To be sure, predictions about the upcoming presidential election and on-again, off-again negotiations over another Congressional relief package add a layer of uncertainty to these underlying trends, tempering enthusiasm that the market is poised to go higher. What’s more, earnings season—when companies report their quarterly financial results—could cause more volatility, according to Cappelleri.

Tech Bubble Comparison

After the Sept. 2 peak, many market watchers drew comparisons between the 2020 gains in tech stocks and the tech bubble of the late 1990s and early 2000 that brought the entire market crashing. At their high, Facebook, Amazon, Apple, Microsoft, and Google’s parent, Alphabet—some of the market’s biggest tech companies—had risen an average of 91% since the market’s pandemic-triggered low in March

But corrections aren’t unusual for the Nasdaq-100, said Jurrien Timmer, director of global macro at Fidelity Investments. In fact, between October 1998 and the crash in the spring of 2000, the Nasdaq-100 experienced seven declines of between 10% and 15%, his data shows.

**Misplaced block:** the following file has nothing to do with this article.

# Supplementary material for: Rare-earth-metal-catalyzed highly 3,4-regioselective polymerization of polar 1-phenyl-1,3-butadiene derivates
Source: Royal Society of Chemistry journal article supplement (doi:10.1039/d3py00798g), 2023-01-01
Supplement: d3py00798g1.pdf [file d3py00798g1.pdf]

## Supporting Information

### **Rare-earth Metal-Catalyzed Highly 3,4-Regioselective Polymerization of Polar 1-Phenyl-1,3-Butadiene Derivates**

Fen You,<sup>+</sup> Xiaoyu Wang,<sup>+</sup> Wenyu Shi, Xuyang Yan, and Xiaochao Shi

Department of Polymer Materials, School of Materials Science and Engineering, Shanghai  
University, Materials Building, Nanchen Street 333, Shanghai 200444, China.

“This is just a way to shake off the excessive sentiment,” Timmer said of the current correction. It’s actually “very healthy and very useful” for the market, he said.

Gains Obscured by Tech’s Declines

There also are positive signs of breadth in the overall market, or the number of stocks that are rising, Instinet’s Cappelleri said. According to his research, at least 90% of the S&P’s members rose in at least five of 10 recent trading sessions, a trend that “typically has bullish long-term implications,” he said.

Plus, less flashy sectors—like materials and industrials stocks—have outpaced gains for the broader market, signaling market sentiment isn’t all about how the Apples and Googles of the world are performing. Through Wednesday, the S&P 500 materials sector was up 72% and the industrials sector was up 66% from their respective March lows, compared with a 56% gain for the S&P 500 during that same period.

Value Stocks Take the Lead